Neuroscientists, psychologists, philosophers and theologians all struggle to understand consciousness within their respective disciplines. They work toward an answer, but the New Mysterian philosophers argue we might simply be incapable of solving the riddle.

The most prominent of the New Mysteirans is Colin McGinn, who recently outlined this philosophy in an excellent panel (watch it here) at the 2013 World Science Festival. The brain itself cannot conceive the natural coexistence of mind and brain. It’s not that we’re dumb, but we only evolved to carry out certain cognitive feats: navigating a changing world, hunting, surviving within a society, etc. What’s the evolutionary advantage of understanding the nature of consciousness?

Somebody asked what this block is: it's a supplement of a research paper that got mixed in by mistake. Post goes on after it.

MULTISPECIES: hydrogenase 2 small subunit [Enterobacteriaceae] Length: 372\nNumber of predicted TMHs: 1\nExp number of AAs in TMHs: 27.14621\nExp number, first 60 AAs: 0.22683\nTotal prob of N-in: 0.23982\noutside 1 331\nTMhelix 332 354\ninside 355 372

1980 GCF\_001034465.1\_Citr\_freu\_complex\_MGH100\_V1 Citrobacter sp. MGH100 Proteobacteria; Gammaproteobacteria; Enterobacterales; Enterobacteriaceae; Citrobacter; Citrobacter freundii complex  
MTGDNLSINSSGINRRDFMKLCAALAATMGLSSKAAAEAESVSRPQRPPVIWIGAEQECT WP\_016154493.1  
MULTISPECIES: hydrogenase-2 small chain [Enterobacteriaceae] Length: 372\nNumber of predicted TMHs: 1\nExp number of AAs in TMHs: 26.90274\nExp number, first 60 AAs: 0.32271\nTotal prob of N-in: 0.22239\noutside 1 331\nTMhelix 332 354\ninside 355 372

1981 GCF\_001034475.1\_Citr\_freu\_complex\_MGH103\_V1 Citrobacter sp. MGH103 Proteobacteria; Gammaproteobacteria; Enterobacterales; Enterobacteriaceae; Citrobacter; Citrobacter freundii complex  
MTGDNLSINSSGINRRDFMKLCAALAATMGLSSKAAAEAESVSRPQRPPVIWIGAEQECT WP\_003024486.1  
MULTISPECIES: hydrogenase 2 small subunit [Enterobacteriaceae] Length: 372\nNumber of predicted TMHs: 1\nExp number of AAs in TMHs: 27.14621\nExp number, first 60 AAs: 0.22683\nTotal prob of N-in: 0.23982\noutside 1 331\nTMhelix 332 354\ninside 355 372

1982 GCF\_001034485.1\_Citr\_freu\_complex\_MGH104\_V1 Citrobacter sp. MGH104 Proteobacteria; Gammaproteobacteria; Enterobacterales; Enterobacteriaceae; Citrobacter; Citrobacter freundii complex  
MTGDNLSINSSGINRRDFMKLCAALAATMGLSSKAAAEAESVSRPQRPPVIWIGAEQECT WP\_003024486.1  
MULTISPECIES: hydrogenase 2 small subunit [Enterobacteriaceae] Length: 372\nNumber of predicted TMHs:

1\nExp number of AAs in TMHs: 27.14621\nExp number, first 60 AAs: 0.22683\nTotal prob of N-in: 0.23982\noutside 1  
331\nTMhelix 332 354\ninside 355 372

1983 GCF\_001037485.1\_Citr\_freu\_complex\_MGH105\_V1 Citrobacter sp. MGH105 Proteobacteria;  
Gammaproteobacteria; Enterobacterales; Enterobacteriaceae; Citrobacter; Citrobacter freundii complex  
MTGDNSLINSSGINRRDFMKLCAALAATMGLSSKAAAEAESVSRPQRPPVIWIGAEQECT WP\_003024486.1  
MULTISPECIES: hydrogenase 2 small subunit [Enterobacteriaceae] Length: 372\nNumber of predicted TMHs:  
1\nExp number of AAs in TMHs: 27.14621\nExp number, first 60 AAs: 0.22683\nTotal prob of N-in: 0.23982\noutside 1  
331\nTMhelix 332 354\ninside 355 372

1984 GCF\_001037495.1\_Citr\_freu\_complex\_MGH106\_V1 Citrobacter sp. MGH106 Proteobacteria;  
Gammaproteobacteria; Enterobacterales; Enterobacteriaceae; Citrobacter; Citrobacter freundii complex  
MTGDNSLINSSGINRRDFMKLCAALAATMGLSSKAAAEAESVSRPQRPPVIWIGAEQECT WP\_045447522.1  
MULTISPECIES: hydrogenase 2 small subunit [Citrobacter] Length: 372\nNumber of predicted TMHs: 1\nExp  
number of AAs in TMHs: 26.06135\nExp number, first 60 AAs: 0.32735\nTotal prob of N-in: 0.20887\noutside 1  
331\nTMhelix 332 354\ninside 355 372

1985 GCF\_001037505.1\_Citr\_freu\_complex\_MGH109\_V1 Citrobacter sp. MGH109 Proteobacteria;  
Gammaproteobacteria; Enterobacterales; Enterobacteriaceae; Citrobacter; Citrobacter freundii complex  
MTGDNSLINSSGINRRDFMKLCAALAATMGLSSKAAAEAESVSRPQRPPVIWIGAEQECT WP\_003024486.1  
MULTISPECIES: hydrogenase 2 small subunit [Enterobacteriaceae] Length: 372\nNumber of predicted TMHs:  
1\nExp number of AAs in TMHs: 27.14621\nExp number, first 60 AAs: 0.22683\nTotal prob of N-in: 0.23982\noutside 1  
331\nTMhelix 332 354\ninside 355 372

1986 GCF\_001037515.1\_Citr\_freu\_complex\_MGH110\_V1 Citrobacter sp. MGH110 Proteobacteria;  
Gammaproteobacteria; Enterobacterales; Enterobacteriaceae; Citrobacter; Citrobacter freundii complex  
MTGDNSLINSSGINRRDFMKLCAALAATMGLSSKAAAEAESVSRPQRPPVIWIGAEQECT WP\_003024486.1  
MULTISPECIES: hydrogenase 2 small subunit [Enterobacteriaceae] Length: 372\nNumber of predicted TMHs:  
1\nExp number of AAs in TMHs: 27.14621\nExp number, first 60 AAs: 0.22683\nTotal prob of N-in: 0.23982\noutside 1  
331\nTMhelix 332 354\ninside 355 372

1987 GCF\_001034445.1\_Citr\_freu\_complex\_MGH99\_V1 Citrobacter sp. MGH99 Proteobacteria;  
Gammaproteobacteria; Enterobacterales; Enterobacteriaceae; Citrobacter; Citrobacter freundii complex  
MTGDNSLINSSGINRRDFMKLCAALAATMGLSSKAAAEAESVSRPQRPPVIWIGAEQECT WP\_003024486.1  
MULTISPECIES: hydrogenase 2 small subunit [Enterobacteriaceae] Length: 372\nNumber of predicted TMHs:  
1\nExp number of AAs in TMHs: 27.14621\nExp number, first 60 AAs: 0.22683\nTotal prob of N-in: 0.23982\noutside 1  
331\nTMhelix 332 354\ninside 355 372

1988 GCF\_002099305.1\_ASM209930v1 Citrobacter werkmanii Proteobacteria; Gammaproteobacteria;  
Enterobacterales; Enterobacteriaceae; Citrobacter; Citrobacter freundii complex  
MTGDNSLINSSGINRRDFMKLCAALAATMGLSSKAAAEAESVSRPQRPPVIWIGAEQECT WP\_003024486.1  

This all involves some of the same concepts as Cognitive Closure: the philosophic idea that humans can only hope to understand certain aspects of universe and simply lack the brains to understand everything.

The exception to this, of course, is the steady accumulation and preservation of scientific data over the course of human history. So we kind of cheat a bit with science, this god-of-ideas that stands outside of us.

Yet all of this external accumulation can’t overcome inner cognitive limits.

Lamb, B. (2013, July 2). New Mysterianism and the Riddle of Consciousness. Retrieved from

[4] The immune system (2016) states: